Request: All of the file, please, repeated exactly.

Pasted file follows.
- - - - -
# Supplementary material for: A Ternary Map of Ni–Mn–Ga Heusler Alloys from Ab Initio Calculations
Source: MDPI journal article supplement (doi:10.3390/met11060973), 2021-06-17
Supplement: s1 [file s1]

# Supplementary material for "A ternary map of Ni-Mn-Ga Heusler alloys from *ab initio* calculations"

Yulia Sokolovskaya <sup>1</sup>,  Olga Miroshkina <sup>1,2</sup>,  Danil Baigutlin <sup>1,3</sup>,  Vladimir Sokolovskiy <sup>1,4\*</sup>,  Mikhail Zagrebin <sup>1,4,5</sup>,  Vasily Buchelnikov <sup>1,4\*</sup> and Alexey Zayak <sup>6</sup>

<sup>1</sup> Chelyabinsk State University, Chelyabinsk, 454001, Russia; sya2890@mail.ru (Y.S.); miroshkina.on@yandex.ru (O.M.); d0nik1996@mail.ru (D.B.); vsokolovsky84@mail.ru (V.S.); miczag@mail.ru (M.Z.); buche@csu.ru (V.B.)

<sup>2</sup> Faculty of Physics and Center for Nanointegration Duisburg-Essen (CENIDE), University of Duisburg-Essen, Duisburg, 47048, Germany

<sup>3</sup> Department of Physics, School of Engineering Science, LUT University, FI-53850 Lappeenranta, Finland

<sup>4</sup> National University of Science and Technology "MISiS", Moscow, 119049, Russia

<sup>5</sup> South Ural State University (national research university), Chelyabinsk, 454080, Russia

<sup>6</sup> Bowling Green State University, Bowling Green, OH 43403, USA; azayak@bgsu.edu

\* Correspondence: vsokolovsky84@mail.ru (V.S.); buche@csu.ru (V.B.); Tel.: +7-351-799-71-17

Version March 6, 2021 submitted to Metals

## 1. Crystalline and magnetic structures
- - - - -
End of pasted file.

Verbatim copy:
# Supplementary material for: A Ternary Map of Ni–Mn–Ga Heusler Alloys from Ab Initio Calculations
Source: MDPI journal article supplement (doi:10.3390/met11060973), 2021-06-17
Supplement: s1 [file s1]

# Supplementary material for "A ternary map of Ni-Mn-Ga Heusler alloys from *ab initio* calculations"

Yulia Sokolovskaya <sup>1</sup>,  Olga Miroshkina <sup>1,2</sup>,  Danil Baigutlin <sup>1,3</sup>,  Vladimir Sokolovskiy <sup>1,4\*</sup>,  Mikhail Zagrebin <sup>1,4,5</sup>,  Vasily Buchelnikov <sup>1,4\*</sup> and Alexey Zayak <sup>6</sup>

<sup>1</sup> Chelyabinsk State University, Chelyabinsk, 454001, Russia; sya2890@mail.ru (Y.S.); miroshkina.on@yandex.ru (O.M.); d0nik1996@mail.ru (D.B.); vsokolovsky84@mail.ru (V.S.); miczag@mail.ru (M.Z.); buche@csu.ru (V.B.)

<sup>2</sup> Faculty of Physics and Center for Nanointegration Duisburg-Essen (CENIDE), University of Duisburg-Essen, Duisburg, 47048, Germany

<sup>3</sup> Department of Physics, School of Engineering Science, LUT University, FI-53850 Lappeenranta, Finland

<sup>4</sup> National University of Science and Technology "MISiS", Moscow, 119049, Russia

<sup>5</sup> South Ural State University (national research university), Chelyabinsk, 454080, Russia

<sup>6</sup> Bowling Green State University, Bowling Green, OH 43403, USA; azayak@bgsu.edu

\* Correspondence: vsokolovsky84@mail.ru (V.S.); buche@csu.ru (V.B.); Tel.: +7-351-799-71-17

Version March 6, 2021 submitted to Metals

## 1. Crystalline and magnetic structures